The difficulties facing these workers have multiplied during the pandemic.
The current political fight over whether to extend a $600 weekly jobless benefit supplement — which expires at the end of this month — overlooks the total financial toll that the pandemic has taken on households, some economists contend.
“What I think is lacking from the conversation about unemployment now is that you may not have lost your main job, but you have lost your secondary job and you can’t file an unemployment claim for it,” Ms. Rho said. “You’re suffering financially, but there’s no other way of making that up.”
Republicans in Congress have opposed extending the supplement because that extra money meant most recipients were getting more than they would have earned while working their regular job.
Several economists, though, have argued that the payments have kept the economy functioning by giving consumers money to spend. In most states, regular state benefits replace less than half of lost wages, and the Pandemic Unemployment Assistance benefit is half of that average state benefit. What’s more, there are at least 20 million people unemployed but only five million job openings.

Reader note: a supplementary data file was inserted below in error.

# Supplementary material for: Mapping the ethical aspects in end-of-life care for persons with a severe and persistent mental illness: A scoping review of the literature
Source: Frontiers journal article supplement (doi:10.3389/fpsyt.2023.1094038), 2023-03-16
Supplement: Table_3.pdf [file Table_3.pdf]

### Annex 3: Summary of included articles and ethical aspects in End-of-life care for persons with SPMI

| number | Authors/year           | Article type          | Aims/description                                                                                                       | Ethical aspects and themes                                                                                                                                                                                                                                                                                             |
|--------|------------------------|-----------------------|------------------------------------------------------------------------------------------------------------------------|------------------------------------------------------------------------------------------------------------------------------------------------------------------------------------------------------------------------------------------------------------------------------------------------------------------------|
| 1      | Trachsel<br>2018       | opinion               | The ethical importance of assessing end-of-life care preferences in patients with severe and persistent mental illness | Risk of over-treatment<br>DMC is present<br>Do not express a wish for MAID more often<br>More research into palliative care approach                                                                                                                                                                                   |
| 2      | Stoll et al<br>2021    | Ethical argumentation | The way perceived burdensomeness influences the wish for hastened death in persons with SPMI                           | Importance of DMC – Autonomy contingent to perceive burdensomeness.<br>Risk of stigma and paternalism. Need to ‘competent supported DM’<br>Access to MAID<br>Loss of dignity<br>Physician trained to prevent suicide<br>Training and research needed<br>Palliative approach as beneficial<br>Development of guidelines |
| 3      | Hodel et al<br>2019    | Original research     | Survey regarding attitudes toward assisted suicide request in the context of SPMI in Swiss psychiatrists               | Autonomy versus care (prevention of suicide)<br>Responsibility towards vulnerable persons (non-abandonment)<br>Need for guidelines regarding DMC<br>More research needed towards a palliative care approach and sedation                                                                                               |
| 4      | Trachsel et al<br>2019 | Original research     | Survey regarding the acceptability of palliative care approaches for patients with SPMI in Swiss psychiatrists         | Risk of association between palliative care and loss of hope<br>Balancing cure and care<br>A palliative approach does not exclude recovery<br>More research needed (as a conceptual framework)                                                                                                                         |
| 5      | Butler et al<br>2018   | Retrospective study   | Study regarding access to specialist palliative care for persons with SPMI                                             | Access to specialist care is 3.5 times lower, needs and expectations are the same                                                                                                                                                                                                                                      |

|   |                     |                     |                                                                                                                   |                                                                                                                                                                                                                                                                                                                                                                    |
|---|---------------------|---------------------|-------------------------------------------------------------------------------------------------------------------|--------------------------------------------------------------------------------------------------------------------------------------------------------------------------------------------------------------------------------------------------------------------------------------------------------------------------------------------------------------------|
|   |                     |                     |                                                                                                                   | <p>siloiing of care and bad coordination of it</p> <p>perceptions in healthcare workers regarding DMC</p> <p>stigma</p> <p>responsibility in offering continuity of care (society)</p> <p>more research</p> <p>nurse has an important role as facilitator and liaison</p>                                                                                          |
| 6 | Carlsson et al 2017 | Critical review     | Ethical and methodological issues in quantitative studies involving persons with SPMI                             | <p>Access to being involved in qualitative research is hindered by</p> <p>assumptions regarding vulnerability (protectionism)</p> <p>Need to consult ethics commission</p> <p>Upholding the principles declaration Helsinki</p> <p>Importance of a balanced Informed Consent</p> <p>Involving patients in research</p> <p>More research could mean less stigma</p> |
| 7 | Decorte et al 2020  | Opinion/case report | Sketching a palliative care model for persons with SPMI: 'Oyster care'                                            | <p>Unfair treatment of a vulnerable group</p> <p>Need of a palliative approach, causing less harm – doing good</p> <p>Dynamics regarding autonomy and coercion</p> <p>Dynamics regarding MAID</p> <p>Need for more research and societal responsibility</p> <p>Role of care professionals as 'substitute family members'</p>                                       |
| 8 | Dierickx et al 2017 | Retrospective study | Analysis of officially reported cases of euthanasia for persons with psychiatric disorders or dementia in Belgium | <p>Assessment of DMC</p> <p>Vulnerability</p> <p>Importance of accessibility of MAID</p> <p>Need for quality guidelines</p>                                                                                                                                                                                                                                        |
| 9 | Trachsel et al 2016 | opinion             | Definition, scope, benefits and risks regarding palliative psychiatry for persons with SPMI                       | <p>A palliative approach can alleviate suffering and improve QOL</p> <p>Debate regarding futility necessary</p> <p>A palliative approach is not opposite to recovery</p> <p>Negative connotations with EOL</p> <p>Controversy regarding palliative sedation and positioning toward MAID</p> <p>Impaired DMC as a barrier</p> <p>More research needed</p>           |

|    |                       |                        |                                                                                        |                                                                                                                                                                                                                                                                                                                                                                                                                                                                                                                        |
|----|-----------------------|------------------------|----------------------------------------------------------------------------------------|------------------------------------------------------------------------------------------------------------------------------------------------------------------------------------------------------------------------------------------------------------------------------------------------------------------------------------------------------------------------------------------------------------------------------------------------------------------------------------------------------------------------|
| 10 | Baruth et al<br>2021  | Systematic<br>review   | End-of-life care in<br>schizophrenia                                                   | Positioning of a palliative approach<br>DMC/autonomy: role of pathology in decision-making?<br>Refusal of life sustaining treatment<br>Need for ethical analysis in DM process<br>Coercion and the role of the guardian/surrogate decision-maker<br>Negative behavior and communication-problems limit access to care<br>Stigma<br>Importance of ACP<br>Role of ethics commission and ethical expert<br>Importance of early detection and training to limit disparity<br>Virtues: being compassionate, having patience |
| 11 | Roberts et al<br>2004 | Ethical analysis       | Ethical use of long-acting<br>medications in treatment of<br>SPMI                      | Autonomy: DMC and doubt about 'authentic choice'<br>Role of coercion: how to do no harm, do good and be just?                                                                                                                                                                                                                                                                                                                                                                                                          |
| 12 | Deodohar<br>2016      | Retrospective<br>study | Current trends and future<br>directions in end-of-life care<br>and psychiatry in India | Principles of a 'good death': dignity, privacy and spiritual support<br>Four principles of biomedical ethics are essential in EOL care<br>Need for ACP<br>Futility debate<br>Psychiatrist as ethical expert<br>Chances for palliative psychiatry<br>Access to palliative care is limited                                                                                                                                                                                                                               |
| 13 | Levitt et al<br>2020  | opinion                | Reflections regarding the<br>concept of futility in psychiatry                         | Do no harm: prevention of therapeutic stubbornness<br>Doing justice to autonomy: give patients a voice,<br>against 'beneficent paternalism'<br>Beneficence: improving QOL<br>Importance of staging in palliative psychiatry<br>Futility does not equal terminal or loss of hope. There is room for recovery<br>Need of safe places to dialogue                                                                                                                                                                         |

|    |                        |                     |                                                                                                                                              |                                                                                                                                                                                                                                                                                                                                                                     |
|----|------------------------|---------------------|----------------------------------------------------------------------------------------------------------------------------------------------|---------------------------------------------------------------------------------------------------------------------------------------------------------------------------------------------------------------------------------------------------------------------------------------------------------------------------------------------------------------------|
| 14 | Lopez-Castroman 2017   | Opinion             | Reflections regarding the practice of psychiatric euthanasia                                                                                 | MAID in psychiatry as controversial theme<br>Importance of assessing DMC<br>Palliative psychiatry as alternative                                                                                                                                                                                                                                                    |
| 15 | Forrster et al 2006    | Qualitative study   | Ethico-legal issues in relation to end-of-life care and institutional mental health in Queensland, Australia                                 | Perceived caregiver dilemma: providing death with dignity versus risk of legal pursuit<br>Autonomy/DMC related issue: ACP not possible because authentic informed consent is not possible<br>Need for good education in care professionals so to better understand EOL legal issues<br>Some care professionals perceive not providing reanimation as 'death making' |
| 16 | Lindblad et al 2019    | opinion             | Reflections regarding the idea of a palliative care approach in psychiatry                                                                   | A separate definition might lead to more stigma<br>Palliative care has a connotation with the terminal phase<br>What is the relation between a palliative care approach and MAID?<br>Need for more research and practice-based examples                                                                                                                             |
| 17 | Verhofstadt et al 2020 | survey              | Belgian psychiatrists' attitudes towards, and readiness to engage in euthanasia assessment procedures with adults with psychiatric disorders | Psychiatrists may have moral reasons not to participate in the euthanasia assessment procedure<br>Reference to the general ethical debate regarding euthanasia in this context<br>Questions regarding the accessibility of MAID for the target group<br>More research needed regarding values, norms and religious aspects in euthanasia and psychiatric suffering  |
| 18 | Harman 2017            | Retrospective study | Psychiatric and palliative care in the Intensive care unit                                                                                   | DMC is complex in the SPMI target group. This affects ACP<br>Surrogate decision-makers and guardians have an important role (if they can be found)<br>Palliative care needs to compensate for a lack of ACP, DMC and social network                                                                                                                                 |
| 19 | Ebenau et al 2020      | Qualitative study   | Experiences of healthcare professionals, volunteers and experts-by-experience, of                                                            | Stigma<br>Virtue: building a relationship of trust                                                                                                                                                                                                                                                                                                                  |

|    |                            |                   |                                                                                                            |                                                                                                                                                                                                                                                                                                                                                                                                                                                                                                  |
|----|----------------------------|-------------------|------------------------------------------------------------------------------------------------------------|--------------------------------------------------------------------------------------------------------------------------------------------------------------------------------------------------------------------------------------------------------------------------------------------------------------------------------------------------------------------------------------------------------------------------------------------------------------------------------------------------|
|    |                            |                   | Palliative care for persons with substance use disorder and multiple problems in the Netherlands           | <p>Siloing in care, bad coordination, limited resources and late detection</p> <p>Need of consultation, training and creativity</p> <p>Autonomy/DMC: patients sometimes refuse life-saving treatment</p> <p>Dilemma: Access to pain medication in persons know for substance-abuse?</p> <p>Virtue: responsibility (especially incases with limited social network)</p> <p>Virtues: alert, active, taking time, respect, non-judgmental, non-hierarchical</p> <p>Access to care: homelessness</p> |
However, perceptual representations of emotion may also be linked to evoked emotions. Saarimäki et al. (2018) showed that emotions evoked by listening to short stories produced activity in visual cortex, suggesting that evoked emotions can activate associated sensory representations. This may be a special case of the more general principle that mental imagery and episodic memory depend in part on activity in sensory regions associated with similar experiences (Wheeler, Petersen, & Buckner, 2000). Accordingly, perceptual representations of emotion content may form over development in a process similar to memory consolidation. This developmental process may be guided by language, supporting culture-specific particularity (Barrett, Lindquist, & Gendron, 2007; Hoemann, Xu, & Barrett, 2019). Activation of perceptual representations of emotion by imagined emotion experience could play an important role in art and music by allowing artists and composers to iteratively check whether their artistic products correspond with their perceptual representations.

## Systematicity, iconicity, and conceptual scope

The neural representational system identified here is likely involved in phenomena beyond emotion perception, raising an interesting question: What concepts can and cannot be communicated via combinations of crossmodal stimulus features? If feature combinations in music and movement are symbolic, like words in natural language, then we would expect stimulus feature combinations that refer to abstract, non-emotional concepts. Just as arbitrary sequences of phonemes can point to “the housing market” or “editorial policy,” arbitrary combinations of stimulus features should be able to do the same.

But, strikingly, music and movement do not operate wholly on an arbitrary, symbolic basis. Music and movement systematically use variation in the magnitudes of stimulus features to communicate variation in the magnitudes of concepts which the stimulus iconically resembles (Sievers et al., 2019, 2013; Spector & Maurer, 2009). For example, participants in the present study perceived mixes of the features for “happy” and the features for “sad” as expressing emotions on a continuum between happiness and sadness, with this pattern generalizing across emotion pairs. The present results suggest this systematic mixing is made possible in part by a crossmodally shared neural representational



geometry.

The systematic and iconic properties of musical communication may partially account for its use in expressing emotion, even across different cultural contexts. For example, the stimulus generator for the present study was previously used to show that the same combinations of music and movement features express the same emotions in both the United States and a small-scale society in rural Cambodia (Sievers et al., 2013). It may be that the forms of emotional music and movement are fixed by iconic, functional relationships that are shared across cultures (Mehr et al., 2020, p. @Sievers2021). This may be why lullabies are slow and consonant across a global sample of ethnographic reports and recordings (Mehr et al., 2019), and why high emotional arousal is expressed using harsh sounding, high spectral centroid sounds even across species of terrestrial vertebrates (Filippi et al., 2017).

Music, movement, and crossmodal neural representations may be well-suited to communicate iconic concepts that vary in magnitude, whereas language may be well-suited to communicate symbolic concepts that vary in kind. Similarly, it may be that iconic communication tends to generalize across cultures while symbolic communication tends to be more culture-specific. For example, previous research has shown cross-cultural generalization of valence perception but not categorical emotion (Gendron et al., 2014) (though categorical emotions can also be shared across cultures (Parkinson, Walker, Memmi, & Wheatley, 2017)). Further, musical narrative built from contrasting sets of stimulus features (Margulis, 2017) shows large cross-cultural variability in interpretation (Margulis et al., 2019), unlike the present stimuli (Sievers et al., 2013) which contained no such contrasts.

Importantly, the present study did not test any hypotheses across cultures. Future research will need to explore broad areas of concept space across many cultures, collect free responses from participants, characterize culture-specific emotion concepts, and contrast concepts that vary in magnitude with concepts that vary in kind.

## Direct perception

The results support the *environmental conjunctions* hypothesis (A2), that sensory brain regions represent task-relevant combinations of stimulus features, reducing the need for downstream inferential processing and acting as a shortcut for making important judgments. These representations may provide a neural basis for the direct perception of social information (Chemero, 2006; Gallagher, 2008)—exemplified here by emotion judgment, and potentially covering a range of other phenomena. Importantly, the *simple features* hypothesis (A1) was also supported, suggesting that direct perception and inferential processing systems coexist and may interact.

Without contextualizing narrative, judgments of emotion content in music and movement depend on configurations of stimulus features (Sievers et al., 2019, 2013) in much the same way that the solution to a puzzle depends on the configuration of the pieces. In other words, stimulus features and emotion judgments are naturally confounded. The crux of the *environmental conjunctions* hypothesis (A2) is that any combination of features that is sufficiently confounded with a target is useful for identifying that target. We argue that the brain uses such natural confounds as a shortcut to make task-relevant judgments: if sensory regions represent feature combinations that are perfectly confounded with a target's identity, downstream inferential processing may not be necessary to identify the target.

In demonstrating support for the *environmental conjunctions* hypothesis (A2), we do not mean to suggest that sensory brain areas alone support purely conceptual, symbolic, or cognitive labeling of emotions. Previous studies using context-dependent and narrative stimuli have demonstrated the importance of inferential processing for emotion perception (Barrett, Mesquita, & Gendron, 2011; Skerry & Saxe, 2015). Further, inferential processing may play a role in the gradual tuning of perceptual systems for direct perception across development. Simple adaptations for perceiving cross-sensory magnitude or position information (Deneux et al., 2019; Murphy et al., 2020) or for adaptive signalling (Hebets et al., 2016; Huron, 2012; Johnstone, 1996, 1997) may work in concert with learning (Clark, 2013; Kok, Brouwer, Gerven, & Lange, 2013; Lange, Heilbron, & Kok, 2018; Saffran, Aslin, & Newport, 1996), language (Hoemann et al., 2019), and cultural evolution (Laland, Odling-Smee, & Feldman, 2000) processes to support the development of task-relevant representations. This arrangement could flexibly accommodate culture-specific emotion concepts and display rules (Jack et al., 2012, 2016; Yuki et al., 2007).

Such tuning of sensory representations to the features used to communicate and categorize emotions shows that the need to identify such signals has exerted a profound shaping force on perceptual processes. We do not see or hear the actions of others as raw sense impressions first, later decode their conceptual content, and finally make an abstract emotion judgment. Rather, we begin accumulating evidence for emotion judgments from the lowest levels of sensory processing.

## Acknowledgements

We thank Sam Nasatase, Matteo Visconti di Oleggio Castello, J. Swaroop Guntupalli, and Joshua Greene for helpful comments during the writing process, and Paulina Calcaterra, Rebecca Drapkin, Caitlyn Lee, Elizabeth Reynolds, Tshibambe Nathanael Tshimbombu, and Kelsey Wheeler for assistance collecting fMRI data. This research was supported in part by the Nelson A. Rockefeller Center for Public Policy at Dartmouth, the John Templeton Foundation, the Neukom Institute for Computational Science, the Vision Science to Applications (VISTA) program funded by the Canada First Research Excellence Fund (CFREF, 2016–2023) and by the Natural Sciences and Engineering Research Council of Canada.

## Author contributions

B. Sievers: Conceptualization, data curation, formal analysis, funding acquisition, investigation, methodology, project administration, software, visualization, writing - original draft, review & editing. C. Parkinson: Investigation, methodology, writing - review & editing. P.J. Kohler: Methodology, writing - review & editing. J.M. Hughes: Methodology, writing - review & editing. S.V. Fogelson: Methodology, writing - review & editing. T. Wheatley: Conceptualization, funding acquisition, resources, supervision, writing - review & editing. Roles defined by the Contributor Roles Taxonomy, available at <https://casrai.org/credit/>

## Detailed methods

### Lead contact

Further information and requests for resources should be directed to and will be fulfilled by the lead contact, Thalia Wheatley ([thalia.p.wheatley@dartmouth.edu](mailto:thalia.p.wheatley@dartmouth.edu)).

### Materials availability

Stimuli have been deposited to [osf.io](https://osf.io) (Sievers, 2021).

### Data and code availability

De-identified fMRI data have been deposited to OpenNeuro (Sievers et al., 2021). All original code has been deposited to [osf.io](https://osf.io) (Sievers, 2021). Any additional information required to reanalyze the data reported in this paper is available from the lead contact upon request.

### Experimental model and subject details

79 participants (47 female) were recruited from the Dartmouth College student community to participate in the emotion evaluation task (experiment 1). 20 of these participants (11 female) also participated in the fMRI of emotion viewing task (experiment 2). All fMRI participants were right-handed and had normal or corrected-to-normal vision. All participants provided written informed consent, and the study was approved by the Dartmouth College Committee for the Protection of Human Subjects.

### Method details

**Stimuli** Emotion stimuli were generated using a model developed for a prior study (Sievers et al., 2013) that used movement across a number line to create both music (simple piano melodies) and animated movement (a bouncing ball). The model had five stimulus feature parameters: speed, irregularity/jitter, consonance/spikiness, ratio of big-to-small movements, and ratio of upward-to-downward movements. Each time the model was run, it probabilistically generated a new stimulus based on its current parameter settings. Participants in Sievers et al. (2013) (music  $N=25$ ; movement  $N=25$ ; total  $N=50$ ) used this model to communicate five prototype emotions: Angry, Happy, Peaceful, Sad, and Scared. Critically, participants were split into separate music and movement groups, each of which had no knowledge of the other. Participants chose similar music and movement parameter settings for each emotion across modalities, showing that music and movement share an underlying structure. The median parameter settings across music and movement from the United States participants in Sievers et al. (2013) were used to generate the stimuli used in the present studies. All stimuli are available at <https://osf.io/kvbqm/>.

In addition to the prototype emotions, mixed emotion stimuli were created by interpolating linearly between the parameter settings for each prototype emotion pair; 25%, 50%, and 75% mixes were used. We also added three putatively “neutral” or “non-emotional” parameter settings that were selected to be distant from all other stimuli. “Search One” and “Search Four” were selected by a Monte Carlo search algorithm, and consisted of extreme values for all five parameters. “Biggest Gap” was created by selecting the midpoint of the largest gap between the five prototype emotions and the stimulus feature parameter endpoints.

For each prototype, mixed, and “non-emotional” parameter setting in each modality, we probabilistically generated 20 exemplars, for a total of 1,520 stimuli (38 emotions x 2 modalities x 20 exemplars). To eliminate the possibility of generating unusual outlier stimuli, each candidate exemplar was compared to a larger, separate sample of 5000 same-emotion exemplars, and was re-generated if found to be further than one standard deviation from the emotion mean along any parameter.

Nick Pennell had just completed an eight-month contract as a color designer for footwear at Nike in Portland, Ore., on March 13. “That was the Friday when all hell broke loose,” because of surging coronavirus cases, Mr. Pennell said. On the following Monday, he was laid off from the part-time, minimum-wage pizzeria job that he used to supplement his income.
He filed for unemployment benefits for his pizzeria job, but couldn’t put in a claim for the much-better-paid stint at Nike since that had officially ended the day the state shut down. He applied under the Pandemic Unemployment Assistance program and waited three months for his first check. It came in June, after the state’s National Guard was deployed to the employment department to help clear the backlog.
With help from his family and a small disability benefit from his time in the military, Mr. Pennell, 31, managed to pay his bills while he waited. “I kept doing job searches for freelance design work — nothing was working there,” he said. He is now working part time at the pizzeria again, cooking and delivering food.